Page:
New Jersey City Faces a Lockdown… for Its Own Good

By Michelle Chen Aug 21, 2009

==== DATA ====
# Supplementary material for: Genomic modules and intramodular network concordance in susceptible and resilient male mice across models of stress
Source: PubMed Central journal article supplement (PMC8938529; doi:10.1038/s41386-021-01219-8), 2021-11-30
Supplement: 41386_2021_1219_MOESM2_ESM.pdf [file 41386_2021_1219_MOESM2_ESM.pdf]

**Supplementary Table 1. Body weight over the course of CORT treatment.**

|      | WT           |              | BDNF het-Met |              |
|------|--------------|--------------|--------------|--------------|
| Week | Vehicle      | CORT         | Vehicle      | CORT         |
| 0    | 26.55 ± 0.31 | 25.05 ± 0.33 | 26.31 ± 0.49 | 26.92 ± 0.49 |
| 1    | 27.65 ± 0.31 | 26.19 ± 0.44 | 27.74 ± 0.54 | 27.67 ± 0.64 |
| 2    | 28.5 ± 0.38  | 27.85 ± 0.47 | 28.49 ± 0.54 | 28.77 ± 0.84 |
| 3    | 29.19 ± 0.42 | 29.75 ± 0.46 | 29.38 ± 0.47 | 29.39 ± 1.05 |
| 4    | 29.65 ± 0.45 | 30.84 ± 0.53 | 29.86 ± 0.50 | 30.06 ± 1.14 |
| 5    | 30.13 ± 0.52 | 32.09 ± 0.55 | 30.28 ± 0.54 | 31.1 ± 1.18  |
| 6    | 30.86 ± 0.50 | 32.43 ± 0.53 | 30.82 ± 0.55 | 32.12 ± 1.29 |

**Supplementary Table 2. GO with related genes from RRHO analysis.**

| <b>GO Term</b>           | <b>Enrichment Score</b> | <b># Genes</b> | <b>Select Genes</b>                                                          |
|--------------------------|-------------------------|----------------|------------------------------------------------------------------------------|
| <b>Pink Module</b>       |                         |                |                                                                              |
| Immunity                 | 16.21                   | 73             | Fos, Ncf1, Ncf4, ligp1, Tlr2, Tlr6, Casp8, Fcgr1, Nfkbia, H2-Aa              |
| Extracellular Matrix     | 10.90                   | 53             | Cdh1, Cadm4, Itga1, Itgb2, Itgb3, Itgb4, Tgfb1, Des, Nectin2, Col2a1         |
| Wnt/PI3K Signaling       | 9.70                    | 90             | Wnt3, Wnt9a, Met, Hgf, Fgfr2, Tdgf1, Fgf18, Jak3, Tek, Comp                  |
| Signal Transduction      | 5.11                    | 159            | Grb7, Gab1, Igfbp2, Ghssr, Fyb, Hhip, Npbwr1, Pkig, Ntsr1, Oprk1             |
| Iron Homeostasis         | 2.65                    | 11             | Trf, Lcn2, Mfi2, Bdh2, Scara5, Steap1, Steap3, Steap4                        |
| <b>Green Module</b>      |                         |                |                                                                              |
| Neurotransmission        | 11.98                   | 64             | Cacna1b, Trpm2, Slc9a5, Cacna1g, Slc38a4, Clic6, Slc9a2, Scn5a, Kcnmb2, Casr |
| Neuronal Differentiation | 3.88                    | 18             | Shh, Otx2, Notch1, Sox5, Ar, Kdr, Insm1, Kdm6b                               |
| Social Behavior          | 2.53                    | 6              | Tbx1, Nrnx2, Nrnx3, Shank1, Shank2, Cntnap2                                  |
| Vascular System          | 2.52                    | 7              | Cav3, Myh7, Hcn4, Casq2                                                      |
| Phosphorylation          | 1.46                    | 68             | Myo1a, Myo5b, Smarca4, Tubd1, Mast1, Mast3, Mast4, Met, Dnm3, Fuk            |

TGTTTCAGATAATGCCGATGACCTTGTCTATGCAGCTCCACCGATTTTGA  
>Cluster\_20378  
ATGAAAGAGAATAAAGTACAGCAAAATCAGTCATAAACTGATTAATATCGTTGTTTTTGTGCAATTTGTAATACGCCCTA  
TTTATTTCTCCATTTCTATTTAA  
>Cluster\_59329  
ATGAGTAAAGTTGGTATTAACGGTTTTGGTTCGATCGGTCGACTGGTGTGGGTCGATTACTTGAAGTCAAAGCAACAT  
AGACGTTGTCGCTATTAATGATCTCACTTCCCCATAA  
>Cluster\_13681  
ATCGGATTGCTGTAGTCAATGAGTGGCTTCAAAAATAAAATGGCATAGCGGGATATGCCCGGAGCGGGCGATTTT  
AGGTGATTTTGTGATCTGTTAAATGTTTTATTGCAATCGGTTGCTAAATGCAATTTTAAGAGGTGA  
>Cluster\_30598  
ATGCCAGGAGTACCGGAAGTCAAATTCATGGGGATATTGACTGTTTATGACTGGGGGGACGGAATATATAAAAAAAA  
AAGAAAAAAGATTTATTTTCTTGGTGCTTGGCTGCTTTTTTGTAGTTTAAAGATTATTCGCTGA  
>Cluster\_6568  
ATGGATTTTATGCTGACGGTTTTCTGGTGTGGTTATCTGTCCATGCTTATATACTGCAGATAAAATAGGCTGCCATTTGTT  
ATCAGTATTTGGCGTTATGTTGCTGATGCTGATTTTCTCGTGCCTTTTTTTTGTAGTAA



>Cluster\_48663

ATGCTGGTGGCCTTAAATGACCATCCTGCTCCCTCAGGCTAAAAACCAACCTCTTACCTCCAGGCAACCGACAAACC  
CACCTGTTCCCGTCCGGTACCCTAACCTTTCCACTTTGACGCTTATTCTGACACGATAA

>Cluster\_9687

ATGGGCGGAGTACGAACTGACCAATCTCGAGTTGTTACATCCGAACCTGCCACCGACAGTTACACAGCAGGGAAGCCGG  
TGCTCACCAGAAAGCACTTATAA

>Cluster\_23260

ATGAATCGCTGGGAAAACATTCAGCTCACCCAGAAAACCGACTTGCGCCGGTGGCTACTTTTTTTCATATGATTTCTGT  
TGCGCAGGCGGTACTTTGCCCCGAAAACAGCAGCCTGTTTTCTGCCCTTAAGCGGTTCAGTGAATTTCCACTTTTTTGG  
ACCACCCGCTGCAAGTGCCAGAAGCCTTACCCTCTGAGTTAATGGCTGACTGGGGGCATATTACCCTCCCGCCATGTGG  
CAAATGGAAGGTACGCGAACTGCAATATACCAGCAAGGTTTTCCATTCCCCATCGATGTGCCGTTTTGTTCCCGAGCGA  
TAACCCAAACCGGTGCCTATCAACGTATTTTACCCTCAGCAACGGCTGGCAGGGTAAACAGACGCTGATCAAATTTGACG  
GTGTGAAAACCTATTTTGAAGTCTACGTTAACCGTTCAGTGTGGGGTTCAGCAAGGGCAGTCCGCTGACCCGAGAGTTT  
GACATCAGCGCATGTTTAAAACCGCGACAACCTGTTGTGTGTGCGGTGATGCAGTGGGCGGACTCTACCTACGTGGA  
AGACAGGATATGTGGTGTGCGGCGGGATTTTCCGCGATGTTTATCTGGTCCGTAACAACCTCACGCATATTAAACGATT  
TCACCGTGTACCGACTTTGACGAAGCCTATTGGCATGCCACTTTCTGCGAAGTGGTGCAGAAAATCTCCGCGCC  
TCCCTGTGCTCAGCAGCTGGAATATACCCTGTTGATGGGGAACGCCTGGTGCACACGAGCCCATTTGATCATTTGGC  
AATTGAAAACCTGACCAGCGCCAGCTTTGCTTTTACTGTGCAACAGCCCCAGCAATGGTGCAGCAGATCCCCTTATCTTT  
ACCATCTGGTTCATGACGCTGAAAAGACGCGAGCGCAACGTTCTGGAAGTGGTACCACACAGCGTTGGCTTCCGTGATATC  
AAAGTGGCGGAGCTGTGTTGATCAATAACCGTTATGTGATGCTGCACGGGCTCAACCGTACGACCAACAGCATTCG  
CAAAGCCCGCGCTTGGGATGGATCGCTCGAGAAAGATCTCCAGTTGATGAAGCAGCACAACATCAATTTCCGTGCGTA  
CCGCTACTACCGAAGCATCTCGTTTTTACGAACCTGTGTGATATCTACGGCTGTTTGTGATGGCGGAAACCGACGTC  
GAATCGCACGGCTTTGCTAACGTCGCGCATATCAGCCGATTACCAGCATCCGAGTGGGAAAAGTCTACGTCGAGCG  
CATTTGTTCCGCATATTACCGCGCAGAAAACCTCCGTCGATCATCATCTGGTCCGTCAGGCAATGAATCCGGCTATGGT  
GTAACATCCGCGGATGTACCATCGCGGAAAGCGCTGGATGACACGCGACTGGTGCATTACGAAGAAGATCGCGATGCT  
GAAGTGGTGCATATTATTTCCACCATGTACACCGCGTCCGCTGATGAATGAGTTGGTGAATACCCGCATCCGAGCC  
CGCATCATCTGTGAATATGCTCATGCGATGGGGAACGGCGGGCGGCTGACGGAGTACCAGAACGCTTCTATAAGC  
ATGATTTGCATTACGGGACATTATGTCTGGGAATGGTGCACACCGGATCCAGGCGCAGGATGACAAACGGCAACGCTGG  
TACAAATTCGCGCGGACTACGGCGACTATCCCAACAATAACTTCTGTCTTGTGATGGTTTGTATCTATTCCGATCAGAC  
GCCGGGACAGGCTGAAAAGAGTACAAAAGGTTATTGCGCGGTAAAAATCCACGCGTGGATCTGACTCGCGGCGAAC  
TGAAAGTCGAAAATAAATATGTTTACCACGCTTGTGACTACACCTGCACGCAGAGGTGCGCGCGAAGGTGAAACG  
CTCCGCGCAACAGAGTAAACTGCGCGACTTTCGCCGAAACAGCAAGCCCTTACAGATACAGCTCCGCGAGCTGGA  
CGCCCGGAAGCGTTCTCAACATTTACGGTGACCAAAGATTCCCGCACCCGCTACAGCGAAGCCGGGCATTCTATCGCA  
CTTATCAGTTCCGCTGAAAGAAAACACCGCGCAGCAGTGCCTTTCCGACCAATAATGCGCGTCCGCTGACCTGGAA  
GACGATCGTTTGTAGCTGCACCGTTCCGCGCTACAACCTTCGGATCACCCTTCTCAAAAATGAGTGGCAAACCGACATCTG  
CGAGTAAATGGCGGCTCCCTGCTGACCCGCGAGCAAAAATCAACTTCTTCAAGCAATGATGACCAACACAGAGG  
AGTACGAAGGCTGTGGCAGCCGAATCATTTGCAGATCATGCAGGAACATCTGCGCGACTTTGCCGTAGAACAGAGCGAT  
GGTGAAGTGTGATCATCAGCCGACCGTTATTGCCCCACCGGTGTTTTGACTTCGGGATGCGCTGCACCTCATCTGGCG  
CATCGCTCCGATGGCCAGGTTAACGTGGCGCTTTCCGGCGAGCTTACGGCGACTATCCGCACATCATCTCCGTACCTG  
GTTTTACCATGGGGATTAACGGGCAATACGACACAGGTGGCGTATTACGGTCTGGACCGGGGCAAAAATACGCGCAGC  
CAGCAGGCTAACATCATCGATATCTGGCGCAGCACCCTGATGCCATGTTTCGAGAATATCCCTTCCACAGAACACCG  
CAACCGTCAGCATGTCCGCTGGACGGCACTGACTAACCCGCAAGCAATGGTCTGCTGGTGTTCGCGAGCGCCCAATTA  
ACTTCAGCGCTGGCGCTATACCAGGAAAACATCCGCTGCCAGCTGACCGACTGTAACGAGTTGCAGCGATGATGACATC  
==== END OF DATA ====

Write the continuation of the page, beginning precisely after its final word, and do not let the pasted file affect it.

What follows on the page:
The Mayor of Paterson, New Jersey wants to keep local residents safe at home. Whether they like it or not. The city is weighing a proposal to impose a blanket curfew in response to recent incidents of violent crime. The proposed ordinance would allow police to question people who are on the street when they’re not supposed to be—especially those folks who, you know, look like they might be up to something. All adults and youth in the densely populated city of about 147,000–the vast majority people of color–would be barred from “loitering” between midnight and 7 a.m.—presumably the hours when people most want to kill each other. Violators would be subject to fines of up to $2,000 and 90 days in jail. Incidentally, an offender slapped with the maximum penalty would be released just in time; the curfew would last only two months, perhaps because homicidal tendencies will drop off once the weather cools down. The ordinance, the Associated Press reports, would apparently make Paterson the first city in the country to impose a non-emergency curfew on all residents, raising major constitutional questions. Historically, government curfews have been tied to martial law and military conflicts. But Mayor Jose Torres thinks his city needs some unconventional intervention. "We’re trying to think outside the box," he said. "This was triggered predominantly by fear among city residents over the shootings that have been occurring this summer." However, statistics show that there have been fewer incidents of shootings and homicides in 2009 compared to this time last year. Though putting an entire city under lockdown might be unprecedented, cities and states have over the years experimented with various anti-gang and anti-loitering ordinances designed to restrict access to public space in the name of safety. Earlier this year in Oakland, a proposal for a youth curfew was met with public outcry (and was eventually defeated). Activists argued it would drive the criminalization of youth and encourage racial profiling, while failing to address the core problems that undermine community safety, such as a lack of jobs and educational resources. San Francisco has imposed a civil injunctions against several neighborhood gangs, effectively barring them from certain "violence-prone neighborhoods." To address potential civil liberties violations, the ACLU negotiated an “opt-out” policy with the city, enabling individuals to petition to be exempted from the order. In the 1990s, an anti-gang ordinance in Chicago made it easier to arrest people that law enforcement "reasonably believes to be criminal street gang members loitering in any public place." The law, according to an analysis by the Roosevelt Institution, led to the detention of 90,000 people each year, including many whose only offense was standing in the wrong place. The Supreme Court struck down the ordinance as overly vague, in violation of due process and equal protection rights. Yet, in addition to undermining civil rights, the law simply failed as policy. From 2004 to 2006 detentions under the law grew dramatically—and gang-related murders jumped by 25 percent. In Paterson, it’s unclear whether the targeted problem is even rooted in gang activity. According to the AP, police chose to describe the recent violence as “a tit-for-tat battle between rival groups” rather than gang conflict, per se. Whatever the cause of Paterson’s perceived crime surge, the curfew is being floated just as state lawmakers hit schools with abysmal budget cuts. According to the Education Law Center, the cutbacks disproportionately harm high-needs school districts, where poor, Black and Latino students are concentrated. So New Jersey politicians might not want to invest adequately to keep youth of color in school, but at least some are willing to do whatever it takes to keep them indoors. Image: Political demonstration in Paterson, N.J. (New Jersey Civil Rights Defense Committee)